Base Childrenswear Ltd v Otshudi: EAT 28 Feb 2019

RACE DISCRIMINATION – Injury to feelings
Race discrimination – injury to feelings and other (non-pecuniary) losses
The Claimant had pursued ET proceedings, complaining of various acts of harassment because of race in respect of six incidents during her employment and from the fact and manner of her dismissal. Finding that the claim in respect of matters arising during the course of the Claimant’s employment had been brought out of time, the ET upheld the Claimant’s complaint of racial harassment in respect of her dismissal. At the subsequent Remedies Hearing, the ET found that the Claimant’s injury to feelings fell to be considered within the middle of the middle Vento band and made an award of pounds 16,000 under this head. It separately considered her claim for aggravated damages, finding that the Respondent’s failure to respond to the Claimant’s grievance/appeal, its subsequent conduct of the ET litigation (its initial maintenance of the lie that she had been dismissed because of redundancy; its failure to respond to disclosure requests; its late alteration of its case to allege dismissal because of suspected theft) and its failure to apologise, had aggravated her injury to feelings, warranting an award of pounds 5,000 under this head. Having found that the Claimant had suffered medical depression for three months, the ET also made an award for personal injury in the sum of pounds 3,000. Standing back to consider the overall award made for non-pecuniary damages, the ET was satisfied that this was an appropriate sum. It then went on to make an uplift of 25% in respect of the Respondent’s breach of the ACAS Code given its failure to respond to the Claimant’s grievance/appeal.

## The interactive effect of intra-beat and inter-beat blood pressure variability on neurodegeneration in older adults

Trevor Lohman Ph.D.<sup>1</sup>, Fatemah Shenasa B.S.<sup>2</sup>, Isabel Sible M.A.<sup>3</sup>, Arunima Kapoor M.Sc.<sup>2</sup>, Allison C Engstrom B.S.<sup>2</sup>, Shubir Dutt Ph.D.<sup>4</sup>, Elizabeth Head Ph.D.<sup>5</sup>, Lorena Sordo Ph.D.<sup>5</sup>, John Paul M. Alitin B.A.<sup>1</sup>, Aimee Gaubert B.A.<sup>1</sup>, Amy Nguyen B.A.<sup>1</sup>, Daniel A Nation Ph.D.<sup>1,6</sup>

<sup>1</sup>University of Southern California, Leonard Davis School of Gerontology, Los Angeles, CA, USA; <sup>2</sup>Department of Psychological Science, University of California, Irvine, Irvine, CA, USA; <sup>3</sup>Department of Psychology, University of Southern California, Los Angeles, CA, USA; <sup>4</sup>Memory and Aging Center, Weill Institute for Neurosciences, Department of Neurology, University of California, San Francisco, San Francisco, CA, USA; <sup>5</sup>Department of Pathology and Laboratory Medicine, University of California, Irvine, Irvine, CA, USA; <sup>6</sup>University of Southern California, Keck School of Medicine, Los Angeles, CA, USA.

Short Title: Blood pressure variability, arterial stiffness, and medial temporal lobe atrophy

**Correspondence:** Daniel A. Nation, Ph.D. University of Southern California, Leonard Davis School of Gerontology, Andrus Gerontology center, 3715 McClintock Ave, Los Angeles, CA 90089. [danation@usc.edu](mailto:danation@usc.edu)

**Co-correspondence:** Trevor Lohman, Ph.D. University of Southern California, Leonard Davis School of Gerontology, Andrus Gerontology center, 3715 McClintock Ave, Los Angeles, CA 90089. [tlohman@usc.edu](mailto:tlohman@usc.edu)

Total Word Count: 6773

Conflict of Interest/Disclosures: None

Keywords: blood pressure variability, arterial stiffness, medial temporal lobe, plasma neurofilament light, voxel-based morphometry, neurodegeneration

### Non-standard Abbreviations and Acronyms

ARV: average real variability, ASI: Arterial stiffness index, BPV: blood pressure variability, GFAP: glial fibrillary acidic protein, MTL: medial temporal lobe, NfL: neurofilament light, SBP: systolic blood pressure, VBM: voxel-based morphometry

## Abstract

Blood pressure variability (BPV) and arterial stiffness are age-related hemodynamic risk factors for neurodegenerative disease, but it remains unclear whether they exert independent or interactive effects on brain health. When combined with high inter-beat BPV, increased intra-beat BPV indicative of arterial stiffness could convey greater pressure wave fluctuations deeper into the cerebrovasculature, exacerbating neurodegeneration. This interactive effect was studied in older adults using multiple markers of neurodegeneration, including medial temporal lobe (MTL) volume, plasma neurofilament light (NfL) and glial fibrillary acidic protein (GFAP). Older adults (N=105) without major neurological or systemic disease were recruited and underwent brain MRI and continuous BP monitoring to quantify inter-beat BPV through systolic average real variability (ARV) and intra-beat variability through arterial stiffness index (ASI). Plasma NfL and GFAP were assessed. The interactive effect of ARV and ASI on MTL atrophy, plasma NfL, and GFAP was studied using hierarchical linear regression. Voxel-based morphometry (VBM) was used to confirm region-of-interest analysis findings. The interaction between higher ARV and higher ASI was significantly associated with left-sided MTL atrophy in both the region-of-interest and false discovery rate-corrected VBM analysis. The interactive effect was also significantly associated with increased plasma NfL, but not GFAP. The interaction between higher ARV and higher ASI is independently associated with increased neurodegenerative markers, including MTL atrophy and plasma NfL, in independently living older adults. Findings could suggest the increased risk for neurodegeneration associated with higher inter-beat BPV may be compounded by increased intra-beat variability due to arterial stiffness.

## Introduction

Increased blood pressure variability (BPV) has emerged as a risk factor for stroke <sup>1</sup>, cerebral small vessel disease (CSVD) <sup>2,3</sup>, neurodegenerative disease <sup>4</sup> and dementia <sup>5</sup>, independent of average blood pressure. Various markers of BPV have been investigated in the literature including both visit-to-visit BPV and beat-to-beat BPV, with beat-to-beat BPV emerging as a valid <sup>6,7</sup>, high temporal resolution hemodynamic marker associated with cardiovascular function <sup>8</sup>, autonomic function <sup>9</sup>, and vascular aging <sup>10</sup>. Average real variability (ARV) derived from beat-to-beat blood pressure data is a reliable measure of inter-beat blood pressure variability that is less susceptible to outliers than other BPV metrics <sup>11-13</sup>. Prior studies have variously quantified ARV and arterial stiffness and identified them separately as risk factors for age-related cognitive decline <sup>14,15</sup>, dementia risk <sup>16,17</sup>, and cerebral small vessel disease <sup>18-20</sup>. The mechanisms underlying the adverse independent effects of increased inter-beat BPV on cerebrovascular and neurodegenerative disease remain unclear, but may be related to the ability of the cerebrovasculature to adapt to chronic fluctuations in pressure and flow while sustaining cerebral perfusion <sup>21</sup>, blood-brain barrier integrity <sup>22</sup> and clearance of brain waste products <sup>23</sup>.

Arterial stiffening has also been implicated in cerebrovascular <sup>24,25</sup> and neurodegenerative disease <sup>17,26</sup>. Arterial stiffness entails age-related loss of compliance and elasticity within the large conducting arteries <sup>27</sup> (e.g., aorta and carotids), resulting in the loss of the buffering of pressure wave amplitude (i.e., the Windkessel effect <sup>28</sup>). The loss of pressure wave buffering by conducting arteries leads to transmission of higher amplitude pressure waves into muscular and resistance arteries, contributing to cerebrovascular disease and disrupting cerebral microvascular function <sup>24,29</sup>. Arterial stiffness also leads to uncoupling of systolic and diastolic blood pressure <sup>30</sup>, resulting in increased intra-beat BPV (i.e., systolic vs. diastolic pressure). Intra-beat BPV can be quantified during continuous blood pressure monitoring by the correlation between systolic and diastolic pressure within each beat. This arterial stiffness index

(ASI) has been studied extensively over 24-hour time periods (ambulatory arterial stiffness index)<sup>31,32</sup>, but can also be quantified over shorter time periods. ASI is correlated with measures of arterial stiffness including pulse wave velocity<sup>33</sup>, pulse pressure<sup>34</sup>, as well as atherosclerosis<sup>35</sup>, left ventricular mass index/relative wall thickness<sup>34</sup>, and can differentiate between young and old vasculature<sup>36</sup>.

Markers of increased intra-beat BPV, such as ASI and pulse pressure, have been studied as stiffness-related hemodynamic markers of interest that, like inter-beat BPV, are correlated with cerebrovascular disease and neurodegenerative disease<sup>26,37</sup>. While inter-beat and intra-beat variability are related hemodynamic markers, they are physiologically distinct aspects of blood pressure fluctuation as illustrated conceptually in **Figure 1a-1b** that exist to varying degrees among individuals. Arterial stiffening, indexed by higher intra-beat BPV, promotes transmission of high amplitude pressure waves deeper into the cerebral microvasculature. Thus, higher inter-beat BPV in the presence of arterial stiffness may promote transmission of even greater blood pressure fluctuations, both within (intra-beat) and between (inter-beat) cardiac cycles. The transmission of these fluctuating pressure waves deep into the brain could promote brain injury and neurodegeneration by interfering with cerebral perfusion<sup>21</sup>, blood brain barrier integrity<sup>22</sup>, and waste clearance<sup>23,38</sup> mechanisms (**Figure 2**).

The Respondent appealed, contending the awards made were manifestly excessive, the personal injury award failed to take into account the Claimant’s other complaints of discrimination (for which the Respondent had not been found liable) and the ET had double-counted the factors taken into account and/or had taken into account irrelevant factors.
Held: allowing the appeal in part
Injury to feelings
The fact that the ET’s finding of unlawful discrimination related to an isolated event – the Claimant’s dismissal – did not mean it was required to assess the award for injury to feelings as falling within the lowest Vento bracket: the question was what effect had the discriminatory act had on the Claimant? On the ET’s findings of fact in this case, it had permissibly concluded that this was a serious matter (something acknowledged by the Respondent) that gave rise to an injury to feelings award falling within the middle of the middle Vento bracket. Moreover, in reaching that decision, the ET had been careful not to double-count matters that it subsequently considered relevant to the question of aggravated damages, personal injury or any ACAS uplift. It had, further, not taken into account irrelevant factors when it referred to the Claimant’s grievance, her notification to ACAS or the pursuit of her ET proceedings; these were potentially relevant matters to which the ET was entitled to refer when testing whether the Claimant had genuinely been aggrieved by the Respondent’s discriminatory conduct. There was, therefore, no proper basis on which the EAT could interfere with the award made.
Aggravated damages